It’s time to take a hard look under the hood of your practice and sort it out, says Christine Murray
Recessions are, they say, a good time to ask big questions. It’s hard to plan for the future when bad debt is still bankrupting practices. But if we are near the bottom, it’s time to build a new foundation from which to grow.
There is still an underlying altruism in architecture and architectural education - a shared desire to better society through good design. And when architects band together, as major contributors to the GDP as part of the construction industry and as global ambassadors for UK building design, they should be a powerful and respected voice. So why has the status of architects fallen?
Support and activism does exist in the profession
Support and activism does exist in the profession. There are more than 8,000 signatures on the petition to extend the Pritzker Prize to Denise Scott Brown, suggesting a real desire to recognise women and men equally. There has also been a groundswell for our More Homes, Better Homes campaign to enshrine good design in housebuilding standards. The RIBA launched a similar campaign for minimum light and space standards this week with a standard letter that can be sent to your local MP.
But calls on government for equality or better living standards by the profession can be undermined by the state of architects’ own houses. Out of the recession of the early 1990s came a more streamlined profession with better processes and a way of collaborating more closely with other consultants. But what the current recession has revealed is that not every practice became a professional business.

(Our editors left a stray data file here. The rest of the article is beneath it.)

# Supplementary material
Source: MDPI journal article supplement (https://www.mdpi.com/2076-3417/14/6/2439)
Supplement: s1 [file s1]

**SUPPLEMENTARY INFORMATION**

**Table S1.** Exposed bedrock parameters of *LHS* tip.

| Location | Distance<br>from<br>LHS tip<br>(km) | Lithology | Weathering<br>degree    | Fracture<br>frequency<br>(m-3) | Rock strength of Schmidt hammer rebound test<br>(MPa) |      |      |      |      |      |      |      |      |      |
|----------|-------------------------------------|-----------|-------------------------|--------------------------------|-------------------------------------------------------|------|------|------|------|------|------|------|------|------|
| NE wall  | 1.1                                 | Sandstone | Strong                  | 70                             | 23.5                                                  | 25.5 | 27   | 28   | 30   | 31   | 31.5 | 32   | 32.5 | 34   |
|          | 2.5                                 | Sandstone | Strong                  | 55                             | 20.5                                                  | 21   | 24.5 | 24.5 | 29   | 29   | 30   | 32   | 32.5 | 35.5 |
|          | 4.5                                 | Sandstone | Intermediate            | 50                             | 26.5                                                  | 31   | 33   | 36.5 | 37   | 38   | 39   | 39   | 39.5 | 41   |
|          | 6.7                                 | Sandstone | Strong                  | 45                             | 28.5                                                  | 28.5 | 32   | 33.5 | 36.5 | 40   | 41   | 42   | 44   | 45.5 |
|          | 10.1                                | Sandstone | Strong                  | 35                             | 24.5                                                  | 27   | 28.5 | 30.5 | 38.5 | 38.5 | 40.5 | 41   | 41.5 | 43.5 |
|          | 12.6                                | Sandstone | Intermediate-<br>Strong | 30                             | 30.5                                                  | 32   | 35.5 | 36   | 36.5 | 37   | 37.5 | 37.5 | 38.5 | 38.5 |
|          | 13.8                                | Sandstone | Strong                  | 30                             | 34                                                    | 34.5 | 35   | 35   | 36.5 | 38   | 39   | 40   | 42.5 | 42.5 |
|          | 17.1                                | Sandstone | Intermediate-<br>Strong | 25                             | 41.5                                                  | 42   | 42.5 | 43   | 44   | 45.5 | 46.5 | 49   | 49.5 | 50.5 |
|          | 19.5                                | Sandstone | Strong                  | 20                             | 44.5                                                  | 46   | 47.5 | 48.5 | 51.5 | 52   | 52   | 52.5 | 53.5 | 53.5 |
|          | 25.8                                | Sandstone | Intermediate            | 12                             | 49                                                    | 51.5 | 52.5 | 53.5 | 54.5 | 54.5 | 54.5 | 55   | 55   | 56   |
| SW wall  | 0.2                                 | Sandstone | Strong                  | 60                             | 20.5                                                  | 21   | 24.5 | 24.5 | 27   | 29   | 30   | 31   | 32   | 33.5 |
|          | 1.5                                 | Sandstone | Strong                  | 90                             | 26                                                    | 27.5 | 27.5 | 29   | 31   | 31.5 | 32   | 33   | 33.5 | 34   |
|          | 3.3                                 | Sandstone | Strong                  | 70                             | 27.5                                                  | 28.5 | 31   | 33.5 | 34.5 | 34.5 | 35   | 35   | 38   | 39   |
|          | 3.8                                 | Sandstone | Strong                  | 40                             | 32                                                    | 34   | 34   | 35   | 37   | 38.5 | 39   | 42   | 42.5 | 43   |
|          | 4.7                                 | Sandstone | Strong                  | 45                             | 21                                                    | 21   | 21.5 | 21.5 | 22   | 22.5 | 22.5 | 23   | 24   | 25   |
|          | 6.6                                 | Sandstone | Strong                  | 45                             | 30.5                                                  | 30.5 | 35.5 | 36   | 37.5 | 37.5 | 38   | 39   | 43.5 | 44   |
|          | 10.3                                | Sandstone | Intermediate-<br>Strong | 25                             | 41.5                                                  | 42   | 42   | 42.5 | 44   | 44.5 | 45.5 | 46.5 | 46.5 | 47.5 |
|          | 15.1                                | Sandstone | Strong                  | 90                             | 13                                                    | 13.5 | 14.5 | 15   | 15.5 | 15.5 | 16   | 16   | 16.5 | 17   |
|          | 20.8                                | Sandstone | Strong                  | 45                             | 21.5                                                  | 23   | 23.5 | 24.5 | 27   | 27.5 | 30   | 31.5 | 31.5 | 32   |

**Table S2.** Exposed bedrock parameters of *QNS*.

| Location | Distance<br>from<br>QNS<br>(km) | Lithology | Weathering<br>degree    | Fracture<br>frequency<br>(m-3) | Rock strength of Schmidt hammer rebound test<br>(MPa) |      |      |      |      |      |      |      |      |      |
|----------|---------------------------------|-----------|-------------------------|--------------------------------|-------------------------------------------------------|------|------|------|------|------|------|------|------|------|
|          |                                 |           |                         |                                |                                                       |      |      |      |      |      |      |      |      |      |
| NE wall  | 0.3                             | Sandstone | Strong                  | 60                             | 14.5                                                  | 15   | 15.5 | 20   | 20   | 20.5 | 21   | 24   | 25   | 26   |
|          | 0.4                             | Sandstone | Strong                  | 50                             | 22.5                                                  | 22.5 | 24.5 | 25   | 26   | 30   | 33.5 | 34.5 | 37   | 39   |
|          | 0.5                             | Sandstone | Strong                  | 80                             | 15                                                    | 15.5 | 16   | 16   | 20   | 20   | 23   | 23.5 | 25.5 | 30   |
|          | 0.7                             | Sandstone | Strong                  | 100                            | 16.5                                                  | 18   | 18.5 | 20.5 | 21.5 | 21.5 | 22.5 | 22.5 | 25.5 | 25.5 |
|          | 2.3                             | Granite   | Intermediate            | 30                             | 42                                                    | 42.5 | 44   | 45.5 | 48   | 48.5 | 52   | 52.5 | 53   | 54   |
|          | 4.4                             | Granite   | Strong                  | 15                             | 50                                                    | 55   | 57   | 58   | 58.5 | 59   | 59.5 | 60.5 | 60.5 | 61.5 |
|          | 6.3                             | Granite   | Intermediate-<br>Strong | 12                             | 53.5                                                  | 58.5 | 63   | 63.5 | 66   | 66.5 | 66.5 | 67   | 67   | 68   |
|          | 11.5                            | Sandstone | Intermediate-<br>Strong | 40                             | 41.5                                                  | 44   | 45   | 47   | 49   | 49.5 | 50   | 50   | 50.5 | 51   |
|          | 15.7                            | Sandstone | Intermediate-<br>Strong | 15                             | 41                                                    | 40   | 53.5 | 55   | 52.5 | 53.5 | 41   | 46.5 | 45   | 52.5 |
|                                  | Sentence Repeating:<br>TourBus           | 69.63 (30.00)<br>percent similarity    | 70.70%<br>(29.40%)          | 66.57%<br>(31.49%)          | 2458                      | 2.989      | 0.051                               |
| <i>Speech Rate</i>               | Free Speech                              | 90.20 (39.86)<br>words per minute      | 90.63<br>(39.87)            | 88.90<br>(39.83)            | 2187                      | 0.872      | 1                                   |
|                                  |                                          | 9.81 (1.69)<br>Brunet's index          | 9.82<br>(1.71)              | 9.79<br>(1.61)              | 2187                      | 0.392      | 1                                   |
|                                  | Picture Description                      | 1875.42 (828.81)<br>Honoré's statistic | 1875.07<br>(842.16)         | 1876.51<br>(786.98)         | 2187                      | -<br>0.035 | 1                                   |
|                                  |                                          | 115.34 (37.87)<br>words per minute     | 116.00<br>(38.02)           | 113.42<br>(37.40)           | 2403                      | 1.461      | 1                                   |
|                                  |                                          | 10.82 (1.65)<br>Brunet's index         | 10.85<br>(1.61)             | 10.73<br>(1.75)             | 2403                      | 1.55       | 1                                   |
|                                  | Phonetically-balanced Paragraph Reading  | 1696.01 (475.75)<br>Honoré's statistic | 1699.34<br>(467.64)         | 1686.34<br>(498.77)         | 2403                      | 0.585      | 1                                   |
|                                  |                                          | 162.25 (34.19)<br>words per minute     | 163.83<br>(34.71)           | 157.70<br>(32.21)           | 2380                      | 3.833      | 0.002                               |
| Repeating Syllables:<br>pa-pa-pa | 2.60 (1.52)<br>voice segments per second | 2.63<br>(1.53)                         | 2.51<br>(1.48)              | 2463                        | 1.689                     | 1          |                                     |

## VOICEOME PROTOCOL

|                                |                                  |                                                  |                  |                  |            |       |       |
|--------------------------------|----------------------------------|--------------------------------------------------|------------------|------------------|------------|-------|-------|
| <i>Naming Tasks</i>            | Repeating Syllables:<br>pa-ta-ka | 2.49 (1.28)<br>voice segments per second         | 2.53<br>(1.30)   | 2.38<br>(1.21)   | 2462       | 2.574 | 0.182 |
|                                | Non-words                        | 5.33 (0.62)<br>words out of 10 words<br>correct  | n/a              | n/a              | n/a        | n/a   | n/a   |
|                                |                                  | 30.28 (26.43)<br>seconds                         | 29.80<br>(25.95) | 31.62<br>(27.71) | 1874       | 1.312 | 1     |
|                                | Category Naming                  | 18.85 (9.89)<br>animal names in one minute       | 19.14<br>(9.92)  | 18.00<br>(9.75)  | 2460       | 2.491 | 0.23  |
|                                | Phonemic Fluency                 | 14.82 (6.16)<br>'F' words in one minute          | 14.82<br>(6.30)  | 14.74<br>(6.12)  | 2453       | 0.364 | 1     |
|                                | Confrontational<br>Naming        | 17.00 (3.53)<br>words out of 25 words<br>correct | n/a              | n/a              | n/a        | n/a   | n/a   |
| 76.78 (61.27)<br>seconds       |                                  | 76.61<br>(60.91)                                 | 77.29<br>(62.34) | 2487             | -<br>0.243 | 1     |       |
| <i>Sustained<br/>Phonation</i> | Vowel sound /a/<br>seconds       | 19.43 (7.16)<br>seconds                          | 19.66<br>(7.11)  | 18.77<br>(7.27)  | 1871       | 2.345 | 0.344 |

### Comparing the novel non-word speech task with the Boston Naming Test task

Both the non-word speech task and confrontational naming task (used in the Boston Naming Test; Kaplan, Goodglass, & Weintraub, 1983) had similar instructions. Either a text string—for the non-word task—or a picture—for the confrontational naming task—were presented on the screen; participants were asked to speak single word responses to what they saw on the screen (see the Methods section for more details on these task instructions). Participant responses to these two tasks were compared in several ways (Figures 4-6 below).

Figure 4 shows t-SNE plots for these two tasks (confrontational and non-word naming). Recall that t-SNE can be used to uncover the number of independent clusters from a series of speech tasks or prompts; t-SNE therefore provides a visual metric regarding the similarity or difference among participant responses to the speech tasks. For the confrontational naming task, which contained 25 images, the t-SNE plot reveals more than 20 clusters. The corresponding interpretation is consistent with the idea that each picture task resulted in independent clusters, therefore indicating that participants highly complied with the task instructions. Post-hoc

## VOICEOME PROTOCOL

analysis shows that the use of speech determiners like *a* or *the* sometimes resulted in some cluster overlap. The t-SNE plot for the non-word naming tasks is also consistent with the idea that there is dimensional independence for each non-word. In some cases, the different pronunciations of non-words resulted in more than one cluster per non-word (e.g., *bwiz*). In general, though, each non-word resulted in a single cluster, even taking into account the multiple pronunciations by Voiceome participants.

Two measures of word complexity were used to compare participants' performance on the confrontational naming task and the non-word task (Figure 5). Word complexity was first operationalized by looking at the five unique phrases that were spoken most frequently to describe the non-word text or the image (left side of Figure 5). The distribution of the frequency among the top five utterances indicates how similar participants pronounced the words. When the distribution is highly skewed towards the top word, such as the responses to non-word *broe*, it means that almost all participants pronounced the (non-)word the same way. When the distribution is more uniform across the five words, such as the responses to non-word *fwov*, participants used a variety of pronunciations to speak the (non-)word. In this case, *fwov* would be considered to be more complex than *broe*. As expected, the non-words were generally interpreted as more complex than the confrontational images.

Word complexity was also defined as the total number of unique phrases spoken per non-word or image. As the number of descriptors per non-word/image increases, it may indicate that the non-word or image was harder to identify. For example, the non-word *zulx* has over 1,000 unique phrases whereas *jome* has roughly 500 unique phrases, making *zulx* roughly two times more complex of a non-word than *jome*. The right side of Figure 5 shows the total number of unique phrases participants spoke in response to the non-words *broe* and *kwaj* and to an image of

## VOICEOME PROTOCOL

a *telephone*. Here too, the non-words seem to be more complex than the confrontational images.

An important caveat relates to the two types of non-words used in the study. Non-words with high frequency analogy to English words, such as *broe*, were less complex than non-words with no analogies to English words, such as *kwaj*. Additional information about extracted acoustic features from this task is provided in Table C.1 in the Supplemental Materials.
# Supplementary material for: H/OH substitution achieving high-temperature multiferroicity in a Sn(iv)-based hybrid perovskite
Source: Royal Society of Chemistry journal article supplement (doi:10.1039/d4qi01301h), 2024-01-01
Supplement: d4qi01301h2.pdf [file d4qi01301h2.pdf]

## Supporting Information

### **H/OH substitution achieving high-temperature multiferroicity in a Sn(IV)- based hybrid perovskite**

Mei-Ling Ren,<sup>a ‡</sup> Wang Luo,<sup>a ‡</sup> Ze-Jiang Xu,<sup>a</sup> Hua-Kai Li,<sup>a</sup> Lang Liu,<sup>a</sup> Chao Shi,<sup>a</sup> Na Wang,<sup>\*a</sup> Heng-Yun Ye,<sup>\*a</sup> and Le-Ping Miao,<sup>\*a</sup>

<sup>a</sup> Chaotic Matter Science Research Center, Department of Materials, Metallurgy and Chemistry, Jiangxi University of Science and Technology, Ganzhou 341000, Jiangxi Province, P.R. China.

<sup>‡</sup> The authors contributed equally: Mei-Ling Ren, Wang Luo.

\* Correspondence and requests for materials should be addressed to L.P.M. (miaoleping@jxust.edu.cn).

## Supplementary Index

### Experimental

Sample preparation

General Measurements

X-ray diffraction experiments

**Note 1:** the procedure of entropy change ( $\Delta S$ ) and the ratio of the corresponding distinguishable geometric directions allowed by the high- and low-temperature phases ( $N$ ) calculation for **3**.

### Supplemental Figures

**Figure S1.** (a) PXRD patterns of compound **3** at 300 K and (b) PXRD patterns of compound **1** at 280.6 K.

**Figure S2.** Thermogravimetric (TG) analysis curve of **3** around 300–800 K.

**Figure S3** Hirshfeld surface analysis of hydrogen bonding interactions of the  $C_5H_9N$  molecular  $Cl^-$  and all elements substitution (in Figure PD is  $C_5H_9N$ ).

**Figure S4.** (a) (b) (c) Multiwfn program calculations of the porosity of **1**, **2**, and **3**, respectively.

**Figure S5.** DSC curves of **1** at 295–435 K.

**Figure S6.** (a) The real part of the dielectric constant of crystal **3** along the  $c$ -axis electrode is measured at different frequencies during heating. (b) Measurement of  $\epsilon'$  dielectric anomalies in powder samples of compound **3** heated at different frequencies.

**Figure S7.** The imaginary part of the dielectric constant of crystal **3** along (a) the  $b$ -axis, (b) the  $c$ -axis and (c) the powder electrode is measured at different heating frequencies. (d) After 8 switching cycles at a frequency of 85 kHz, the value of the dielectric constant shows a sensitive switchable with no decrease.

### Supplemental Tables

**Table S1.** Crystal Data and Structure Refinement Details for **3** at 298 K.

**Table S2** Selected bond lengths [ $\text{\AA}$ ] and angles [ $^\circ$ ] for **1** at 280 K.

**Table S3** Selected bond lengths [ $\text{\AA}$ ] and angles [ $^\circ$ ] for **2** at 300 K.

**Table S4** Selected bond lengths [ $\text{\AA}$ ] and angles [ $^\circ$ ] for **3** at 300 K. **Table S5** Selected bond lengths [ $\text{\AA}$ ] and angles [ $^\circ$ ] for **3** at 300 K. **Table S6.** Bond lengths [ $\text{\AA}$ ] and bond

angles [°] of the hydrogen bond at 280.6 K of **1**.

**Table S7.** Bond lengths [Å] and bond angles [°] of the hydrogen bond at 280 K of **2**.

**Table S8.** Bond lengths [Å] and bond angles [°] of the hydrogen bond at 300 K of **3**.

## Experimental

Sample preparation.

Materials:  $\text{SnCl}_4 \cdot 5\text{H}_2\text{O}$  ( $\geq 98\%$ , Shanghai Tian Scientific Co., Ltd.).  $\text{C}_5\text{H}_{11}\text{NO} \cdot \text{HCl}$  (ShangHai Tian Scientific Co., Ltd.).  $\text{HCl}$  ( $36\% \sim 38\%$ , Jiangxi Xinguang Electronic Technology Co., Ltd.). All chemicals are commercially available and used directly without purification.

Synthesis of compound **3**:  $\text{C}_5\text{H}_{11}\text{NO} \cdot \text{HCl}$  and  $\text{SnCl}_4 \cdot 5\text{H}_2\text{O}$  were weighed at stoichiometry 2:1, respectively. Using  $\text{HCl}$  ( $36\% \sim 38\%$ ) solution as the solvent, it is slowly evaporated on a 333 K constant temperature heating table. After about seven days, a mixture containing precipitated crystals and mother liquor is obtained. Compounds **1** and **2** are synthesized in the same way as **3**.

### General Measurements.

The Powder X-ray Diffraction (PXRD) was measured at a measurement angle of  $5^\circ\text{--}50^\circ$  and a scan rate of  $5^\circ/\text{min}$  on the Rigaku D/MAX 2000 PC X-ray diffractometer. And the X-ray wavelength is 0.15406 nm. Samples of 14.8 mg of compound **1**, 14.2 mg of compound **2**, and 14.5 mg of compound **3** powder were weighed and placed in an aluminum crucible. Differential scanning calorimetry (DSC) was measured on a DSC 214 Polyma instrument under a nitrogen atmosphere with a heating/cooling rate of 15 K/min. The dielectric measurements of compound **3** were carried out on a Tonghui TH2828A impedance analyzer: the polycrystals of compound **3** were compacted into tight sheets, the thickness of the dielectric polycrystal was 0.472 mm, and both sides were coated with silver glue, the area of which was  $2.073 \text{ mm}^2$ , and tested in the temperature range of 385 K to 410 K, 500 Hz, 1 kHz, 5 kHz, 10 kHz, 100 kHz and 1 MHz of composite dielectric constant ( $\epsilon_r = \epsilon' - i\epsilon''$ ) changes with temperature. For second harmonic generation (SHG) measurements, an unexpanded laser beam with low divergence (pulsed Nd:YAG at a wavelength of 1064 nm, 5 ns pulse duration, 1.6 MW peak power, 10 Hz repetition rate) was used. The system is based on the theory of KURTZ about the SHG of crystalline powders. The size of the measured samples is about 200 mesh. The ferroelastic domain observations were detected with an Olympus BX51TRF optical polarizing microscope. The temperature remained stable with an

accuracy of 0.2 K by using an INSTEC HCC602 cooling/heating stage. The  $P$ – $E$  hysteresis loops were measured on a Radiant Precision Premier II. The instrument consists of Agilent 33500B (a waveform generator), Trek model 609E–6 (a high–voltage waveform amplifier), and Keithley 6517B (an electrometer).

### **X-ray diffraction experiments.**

Now is the time to become truly professional - charging for early design work and putting in place proper HR and support
Now is the time to become truly professional. This means charging for services that you haven’t been charging for, such as early design work. It also means putting in place proper HR and support - decent maternity leave,
and reasonable working hours. It requires a more concerted effort to promote equality - our report on gay architects last week revealed the profession does less than the armed forces to promote sexual diversity. It will also require solidarity, for the whole profession to stand together to put a stop to disgraces such as fee undercutting. Before the economy returns to growth, take a hard look under the hood of your practice and sort it out. By your own deeds the future profession will be judged.
Join us at the BCO conference
I’ve been writing, thinking, living and breathing offices this week in the lead-up to the annual BCO conference (15-17 May). Ahead of the conference we’ll be publishing an office special, with essays from BCO chief executive Richard Kauntze, AHMM’s Simon Allford, Ben Adams and FAT’s Sam Jacobs and a selection of recently completed projects, including MoreySmith’s new offices for Argent. We’ll also be launching an exciting ideas competition for the future of office receptions, so stay tuned.
At the BCO conference I’m chairing session 4B, Survival of the Fittest, with panelists Benjamin Lesser of Derwent London, EPR Architects’ Jason Balls and Hoare Lee’s Ashley Bateson. The intention is, after a few short presentations for inspiration, to discuss the drivers of well-being, creativity, productivity and sustainability in offices over tapas and wine.
How do we sell sustainability as the obvious commercial choice? How do we make the property industry less wasteful in natural and human resources? How can we design our workplaces, including fit-out, for a longer adaptable life span? And finally, does the UK have the right balance of skills and craftsmanship to deliver better
office buildings? If you are coming to the BCO conference and would like to join us, prebook our session here.